Ignorantia Juris Non Excusat Law and Legal Definition
Ignorantia juris non excusat is a Latin maxim meaning ignorance of law is not an excuse to a criminal charge. The maxim, ignorantia juris non excusat is applicable to civil as well as criminal jurisprudence in the U.S. It was also recognized in courts of chancery as well as at common law. Ignorantia juris non excusat is everywhere recognized and uniformly enforced. In People v. Klock, 55 Misc. 46 (N.Y. County Ct. 1907), it was held that ignorance of a municipal law is not allowed to excuse anyone who is of the age of discretion from the penalty for the breach of it, for every such person is bound to know the law of the land regulating his conduct, and s/he is presumed so to know.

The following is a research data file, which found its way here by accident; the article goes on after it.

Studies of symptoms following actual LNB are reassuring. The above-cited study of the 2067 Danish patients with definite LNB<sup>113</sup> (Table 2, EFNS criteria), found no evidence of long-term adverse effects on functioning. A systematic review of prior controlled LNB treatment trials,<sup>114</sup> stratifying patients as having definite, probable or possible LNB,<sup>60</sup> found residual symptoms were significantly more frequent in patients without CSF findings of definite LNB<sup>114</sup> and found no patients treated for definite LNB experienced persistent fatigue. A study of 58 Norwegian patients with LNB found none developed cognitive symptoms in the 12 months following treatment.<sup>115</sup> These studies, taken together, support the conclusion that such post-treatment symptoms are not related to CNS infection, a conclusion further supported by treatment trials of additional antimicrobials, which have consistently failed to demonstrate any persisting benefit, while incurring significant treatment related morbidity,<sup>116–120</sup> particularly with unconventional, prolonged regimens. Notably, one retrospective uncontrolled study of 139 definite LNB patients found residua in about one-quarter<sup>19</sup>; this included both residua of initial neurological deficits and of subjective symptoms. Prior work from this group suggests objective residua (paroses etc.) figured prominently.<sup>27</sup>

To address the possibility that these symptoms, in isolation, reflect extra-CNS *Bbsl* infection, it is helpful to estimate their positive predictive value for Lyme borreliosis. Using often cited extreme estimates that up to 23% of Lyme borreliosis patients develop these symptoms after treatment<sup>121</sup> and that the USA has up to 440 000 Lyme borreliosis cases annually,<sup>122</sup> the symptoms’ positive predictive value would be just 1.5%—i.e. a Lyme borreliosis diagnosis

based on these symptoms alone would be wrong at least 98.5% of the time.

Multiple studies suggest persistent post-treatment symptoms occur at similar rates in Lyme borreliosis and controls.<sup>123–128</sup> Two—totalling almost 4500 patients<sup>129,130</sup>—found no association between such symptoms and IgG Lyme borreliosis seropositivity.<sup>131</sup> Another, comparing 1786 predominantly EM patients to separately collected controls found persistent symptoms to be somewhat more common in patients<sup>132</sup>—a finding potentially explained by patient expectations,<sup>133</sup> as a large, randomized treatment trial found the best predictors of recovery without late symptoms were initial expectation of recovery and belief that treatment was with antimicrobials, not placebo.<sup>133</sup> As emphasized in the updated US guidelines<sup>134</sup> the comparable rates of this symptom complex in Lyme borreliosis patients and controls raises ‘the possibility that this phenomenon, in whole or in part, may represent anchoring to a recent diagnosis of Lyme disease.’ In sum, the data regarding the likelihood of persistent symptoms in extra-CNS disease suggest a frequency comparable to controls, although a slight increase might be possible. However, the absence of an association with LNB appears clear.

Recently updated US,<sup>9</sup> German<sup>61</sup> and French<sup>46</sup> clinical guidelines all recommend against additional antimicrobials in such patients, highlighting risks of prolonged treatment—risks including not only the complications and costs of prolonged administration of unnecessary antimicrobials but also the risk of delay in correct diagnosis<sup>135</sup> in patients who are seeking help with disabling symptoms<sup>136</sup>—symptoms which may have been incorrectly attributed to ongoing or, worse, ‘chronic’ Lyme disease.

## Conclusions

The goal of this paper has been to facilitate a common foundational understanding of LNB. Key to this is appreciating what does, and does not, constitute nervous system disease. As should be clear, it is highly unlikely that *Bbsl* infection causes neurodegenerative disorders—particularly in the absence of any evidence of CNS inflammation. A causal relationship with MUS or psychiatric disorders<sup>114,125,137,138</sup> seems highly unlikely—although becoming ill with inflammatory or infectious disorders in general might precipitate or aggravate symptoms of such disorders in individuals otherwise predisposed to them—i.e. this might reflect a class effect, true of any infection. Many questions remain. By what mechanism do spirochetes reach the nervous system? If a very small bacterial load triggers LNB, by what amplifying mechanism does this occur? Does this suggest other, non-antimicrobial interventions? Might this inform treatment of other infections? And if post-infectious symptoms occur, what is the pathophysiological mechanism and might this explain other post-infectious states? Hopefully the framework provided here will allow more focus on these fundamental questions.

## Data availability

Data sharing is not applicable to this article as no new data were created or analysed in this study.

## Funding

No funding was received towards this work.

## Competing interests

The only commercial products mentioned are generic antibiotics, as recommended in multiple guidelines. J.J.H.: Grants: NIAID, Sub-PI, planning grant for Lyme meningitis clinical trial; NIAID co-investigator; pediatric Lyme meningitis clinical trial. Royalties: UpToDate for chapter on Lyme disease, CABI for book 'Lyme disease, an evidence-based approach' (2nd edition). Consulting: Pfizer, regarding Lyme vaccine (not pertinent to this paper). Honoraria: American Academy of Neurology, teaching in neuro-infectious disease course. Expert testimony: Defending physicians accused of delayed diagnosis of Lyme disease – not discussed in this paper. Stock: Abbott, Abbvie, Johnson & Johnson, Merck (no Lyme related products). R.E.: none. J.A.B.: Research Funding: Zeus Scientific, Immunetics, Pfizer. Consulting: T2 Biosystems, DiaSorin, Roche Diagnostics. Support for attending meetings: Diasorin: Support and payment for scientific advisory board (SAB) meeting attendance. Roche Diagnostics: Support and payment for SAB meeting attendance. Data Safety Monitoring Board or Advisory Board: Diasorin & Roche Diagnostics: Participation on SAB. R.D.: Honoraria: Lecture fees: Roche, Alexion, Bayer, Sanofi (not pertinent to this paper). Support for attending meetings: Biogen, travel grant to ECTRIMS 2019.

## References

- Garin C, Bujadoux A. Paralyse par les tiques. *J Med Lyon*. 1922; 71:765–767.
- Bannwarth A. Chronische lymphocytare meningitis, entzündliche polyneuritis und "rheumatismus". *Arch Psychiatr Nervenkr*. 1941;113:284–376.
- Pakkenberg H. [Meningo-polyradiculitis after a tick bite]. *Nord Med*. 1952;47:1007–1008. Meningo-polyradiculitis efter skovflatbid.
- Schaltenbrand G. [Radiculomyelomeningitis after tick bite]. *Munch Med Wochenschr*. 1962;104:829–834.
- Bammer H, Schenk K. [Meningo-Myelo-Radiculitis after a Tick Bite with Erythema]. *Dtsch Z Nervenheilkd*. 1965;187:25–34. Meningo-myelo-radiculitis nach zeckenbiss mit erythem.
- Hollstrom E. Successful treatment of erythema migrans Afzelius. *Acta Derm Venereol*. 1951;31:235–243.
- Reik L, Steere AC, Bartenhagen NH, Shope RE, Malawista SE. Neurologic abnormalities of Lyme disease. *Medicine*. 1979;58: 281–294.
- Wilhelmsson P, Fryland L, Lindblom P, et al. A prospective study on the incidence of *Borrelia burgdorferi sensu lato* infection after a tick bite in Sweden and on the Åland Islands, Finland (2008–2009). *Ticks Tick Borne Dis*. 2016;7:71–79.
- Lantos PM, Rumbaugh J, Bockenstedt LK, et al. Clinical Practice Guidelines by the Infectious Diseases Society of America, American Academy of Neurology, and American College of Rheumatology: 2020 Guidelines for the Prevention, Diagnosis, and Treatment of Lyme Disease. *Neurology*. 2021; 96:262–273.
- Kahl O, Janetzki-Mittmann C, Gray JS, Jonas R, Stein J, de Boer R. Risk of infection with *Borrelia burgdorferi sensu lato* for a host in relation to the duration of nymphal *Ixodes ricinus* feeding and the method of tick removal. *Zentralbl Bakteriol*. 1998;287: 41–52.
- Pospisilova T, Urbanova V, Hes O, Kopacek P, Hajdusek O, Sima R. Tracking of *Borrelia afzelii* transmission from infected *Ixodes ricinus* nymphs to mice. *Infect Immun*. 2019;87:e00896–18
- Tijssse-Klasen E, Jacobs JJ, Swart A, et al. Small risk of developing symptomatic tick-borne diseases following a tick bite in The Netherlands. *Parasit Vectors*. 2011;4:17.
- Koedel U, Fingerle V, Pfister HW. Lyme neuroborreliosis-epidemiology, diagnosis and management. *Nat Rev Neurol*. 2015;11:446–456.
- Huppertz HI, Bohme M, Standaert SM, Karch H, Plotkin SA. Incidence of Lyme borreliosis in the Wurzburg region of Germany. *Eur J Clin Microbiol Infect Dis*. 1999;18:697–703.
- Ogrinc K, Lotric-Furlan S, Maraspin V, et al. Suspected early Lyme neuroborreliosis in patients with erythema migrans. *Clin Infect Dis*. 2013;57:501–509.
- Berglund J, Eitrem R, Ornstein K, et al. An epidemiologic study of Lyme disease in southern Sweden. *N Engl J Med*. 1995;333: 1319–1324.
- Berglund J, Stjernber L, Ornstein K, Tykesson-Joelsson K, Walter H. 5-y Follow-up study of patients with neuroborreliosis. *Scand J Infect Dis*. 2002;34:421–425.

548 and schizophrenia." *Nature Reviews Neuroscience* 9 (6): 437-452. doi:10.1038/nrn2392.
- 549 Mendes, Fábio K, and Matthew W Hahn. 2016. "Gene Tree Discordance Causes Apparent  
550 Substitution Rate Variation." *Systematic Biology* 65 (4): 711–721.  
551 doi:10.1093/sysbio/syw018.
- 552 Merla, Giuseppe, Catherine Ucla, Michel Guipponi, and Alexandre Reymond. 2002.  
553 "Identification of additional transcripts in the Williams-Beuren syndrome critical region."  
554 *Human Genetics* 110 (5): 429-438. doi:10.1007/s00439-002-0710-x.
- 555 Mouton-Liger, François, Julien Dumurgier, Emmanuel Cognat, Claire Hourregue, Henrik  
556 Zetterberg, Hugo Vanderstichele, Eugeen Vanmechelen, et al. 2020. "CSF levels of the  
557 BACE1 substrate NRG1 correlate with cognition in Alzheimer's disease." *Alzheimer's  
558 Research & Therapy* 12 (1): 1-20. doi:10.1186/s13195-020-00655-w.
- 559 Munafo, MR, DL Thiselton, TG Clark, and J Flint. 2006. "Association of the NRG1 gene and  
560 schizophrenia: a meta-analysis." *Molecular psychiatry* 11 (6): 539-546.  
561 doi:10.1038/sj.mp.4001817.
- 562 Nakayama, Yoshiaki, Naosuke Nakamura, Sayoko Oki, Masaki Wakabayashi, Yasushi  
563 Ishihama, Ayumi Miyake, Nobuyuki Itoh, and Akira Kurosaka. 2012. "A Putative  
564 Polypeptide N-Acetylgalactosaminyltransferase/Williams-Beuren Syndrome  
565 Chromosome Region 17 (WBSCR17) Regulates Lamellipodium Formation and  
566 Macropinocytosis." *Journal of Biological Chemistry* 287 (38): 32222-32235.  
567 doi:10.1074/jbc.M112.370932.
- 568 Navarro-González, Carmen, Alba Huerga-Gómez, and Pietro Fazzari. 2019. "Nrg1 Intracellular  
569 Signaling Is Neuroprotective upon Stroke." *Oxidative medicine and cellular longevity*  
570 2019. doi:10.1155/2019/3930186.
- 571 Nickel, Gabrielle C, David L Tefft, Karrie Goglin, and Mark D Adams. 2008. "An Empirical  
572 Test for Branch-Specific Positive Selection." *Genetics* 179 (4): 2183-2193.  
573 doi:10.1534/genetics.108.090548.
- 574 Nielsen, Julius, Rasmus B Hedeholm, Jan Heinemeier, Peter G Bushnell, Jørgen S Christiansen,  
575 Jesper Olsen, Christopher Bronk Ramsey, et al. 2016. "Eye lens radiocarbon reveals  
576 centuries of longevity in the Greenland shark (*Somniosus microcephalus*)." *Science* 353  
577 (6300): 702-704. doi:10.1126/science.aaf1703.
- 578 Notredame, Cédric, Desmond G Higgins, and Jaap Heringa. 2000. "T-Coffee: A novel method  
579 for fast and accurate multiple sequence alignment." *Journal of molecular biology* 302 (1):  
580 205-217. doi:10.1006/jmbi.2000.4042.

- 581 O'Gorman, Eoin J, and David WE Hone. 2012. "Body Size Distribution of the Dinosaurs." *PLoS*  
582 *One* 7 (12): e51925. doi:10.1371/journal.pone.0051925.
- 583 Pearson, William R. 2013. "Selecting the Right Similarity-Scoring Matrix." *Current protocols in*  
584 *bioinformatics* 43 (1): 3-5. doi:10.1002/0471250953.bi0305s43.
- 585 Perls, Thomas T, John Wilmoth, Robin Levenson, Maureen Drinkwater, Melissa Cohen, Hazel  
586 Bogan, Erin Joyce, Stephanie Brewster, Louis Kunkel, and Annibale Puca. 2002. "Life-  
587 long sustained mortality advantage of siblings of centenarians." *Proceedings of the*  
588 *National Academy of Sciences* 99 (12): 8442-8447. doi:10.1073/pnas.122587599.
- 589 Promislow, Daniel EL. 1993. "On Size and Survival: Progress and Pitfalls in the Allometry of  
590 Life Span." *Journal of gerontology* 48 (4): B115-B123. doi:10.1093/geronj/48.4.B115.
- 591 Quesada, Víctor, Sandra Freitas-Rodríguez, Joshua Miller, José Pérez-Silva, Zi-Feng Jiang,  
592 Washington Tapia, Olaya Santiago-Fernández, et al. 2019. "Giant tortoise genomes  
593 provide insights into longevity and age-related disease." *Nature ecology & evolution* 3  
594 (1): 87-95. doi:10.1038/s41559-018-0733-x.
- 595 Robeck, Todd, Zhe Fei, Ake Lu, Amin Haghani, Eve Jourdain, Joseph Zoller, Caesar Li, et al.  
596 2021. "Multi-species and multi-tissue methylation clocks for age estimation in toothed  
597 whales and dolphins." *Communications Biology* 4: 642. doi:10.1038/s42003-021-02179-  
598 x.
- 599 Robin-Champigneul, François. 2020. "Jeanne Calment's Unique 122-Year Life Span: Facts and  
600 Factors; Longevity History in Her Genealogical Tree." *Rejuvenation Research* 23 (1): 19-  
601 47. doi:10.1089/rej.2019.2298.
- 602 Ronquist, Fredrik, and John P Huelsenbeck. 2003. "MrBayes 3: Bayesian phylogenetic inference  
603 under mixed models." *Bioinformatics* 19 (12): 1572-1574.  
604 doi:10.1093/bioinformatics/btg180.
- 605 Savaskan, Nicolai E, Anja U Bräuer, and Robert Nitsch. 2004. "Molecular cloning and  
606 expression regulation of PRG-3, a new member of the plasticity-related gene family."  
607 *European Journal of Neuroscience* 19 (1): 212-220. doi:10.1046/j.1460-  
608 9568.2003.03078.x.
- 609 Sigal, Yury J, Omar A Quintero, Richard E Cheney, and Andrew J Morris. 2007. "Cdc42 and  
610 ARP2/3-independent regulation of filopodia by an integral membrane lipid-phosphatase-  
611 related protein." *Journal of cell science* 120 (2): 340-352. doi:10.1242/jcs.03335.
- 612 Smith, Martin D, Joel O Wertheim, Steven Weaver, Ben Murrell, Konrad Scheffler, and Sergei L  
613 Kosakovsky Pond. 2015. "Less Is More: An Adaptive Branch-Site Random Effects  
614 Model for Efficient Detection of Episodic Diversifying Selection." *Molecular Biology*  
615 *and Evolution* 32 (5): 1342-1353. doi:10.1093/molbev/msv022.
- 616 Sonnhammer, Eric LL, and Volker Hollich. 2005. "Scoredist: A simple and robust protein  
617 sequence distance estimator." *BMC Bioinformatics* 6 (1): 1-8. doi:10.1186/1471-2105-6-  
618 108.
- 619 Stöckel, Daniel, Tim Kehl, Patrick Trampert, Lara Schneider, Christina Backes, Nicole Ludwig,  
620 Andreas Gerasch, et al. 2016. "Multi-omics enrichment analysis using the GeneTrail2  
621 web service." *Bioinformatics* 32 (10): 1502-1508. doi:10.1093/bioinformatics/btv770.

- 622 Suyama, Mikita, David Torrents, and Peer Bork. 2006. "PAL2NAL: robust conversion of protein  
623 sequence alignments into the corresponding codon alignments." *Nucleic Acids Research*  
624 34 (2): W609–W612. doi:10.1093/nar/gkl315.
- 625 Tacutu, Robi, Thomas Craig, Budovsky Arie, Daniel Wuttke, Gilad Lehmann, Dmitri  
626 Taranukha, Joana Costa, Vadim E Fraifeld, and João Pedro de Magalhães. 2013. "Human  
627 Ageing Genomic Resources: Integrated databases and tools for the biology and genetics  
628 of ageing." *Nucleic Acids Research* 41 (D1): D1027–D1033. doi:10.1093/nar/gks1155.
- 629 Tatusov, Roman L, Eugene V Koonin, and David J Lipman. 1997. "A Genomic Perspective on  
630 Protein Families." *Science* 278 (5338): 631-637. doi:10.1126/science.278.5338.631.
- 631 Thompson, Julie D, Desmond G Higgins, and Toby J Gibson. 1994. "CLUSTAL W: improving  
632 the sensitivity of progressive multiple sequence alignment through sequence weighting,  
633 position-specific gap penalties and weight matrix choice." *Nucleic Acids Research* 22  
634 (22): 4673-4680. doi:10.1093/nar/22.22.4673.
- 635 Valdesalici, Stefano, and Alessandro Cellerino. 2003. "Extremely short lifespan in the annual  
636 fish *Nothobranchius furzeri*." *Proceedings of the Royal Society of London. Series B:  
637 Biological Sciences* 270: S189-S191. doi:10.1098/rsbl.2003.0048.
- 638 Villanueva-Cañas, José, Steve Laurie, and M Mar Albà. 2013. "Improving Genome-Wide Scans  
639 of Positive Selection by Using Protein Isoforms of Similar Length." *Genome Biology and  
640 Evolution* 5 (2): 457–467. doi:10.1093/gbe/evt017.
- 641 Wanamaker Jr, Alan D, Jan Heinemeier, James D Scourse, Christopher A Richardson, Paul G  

The purpose of this maxim is that if ignorance is considered an excuse, a person charged with criminal offenses or a subject of a civil lawsuit would merely claim that s/he is unaware of the law in question to avoid liability. Ignorantia juris non excusat is also known as ignorantia legis non excusat.
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Related Legal Terms
- Ab Abusu Ad Usum Non Valet Consequentia
- Ab Assuestis Non Fit Injuria
- Absoluta Sententia Expositore Non Indiget
- Accessorium Non Ducit Sed Sequitur Suum Principale
- Actus Me Invite Factus Non Est Meus Actus
- Actus Non Facit Reum Nisi Mens Sit Rea
- Ad Quaestiones Facti Non Respondent Judices; Ad Quaestione Legis Non Respondent Juratores
- Administration De Bonis Non
- Administration De Bonis Non Cum Testamento Annexo
- Administrator De Bonis Non [D.B.N]